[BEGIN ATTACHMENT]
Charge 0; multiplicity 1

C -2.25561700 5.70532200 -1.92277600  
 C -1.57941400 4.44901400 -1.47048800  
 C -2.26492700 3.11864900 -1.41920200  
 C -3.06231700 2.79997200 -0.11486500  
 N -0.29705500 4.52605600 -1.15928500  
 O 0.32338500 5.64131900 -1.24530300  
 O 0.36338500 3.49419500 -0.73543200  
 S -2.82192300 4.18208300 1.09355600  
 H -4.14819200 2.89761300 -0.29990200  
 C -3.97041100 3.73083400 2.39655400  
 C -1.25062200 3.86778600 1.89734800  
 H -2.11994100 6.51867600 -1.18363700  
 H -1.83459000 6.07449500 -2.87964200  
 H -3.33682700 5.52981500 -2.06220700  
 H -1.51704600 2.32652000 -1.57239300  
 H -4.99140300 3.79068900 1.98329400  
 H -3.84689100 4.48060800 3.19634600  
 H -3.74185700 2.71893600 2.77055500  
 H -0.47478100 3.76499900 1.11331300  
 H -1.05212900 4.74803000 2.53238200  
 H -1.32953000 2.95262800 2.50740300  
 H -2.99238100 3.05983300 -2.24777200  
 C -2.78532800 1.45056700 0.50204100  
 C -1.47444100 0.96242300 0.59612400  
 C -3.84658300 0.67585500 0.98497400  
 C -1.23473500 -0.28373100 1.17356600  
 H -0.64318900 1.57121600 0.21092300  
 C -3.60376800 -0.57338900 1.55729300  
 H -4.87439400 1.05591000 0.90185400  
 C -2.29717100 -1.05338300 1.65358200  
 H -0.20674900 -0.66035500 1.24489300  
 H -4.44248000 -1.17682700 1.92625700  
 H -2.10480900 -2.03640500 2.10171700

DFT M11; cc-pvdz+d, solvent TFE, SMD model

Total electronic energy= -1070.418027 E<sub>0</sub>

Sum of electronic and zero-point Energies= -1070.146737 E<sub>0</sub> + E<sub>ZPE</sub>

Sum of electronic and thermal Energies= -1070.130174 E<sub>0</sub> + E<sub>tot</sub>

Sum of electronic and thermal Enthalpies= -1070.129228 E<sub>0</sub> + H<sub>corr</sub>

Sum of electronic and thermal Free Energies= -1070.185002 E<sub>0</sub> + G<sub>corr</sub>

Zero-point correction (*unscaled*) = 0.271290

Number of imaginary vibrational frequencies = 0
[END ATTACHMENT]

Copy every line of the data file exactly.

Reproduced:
Charge 0; multiplicity 1

C -2.25561700 5.70532200 -1.92277600  
 C -1.57941400 4.44901400 -1.47048800  
 C -2.26492700 3.11864900 -1.41920200  
 C -3.06231700 2.79997200 -0.11486500  
 N -0.29705500 4.52605600 -1.15928500  
 O 0.32338500 5.64131900 -1.24530300  
 O 0.36338500 3.49419500 -0.73543200  
 S -2.82192300 4.18208300 1.09355600  
 H -4.14819200 2.89761300 -0.29990200  
 C -3.97041100 3.73083400 2.39655400  
 C -1.25062200 3.86778600 1.89734800  
 H -2.11994100 6.51867600 -1.18363700  
 H -1.83459000 6.07449500 -2.87964200  
 H -3.33682700 5.52981500 -2.06220700  
 H -1.51704600 2.32652000 -1.57239300  
 H -4.99140300 3.79068900 1.98329400  
 H -3.84689100 4.48060800 3.19634600  
 H -3.74185700 2.71893600 2.77055500  
 H -0.47478100 3.76499900 1.11331300  
 H -1.05212900 4.74803000 2.53238200  
 H -1.32953000 2.95262800 2.50740300  
 H -2.99238100 3.05983300 -2.24777200  
 C -2.78532800 1.45056700 0.50204100  
 C -1.47444100 0.96242300 0.59612400  
 C -3.84658300 0.67585500 0.98497400  
 C -1.23473500 -0.28373100 1.17356600  
 H -0.64318900 1.57121600 0.21092300  
 C -3.60376800 -0.57338900 1.55729300  
 H -4.87439400 1.05591000 0.90185400  
 C -2.29717100 -1.05338300 1.65358200  
 H -0.20674900 -0.66035500 1.24489300  
 H -4.44248000 -1.17682700 1.92625700  
 H -2.10480900 -2.03640500 2.10171700

DFT M11; cc-pvdz+d, solvent TFE, SMD model

Total electronic energy= -1070.418027 E<sub>0</sub>

Sum of electronic and zero-point Energies= -1070.146737 E<sub>0</sub> + E<sub>ZPE</sub>

Sum of electronic and thermal Energies= -1070.130174 E<sub>0</sub> + E<sub>tot</sub>

Sum of electronic and thermal Enthalpies= -1070.129228 E<sub>0</sub> + H<sub>corr</sub>

Sum of electronic and thermal Free Energies= -1070.185002 E<sub>0</sub> + G<sub>corr</sub>

Zero-point correction (*unscaled*) = 0.271290

Number of imaginary vibrational frequencies = 0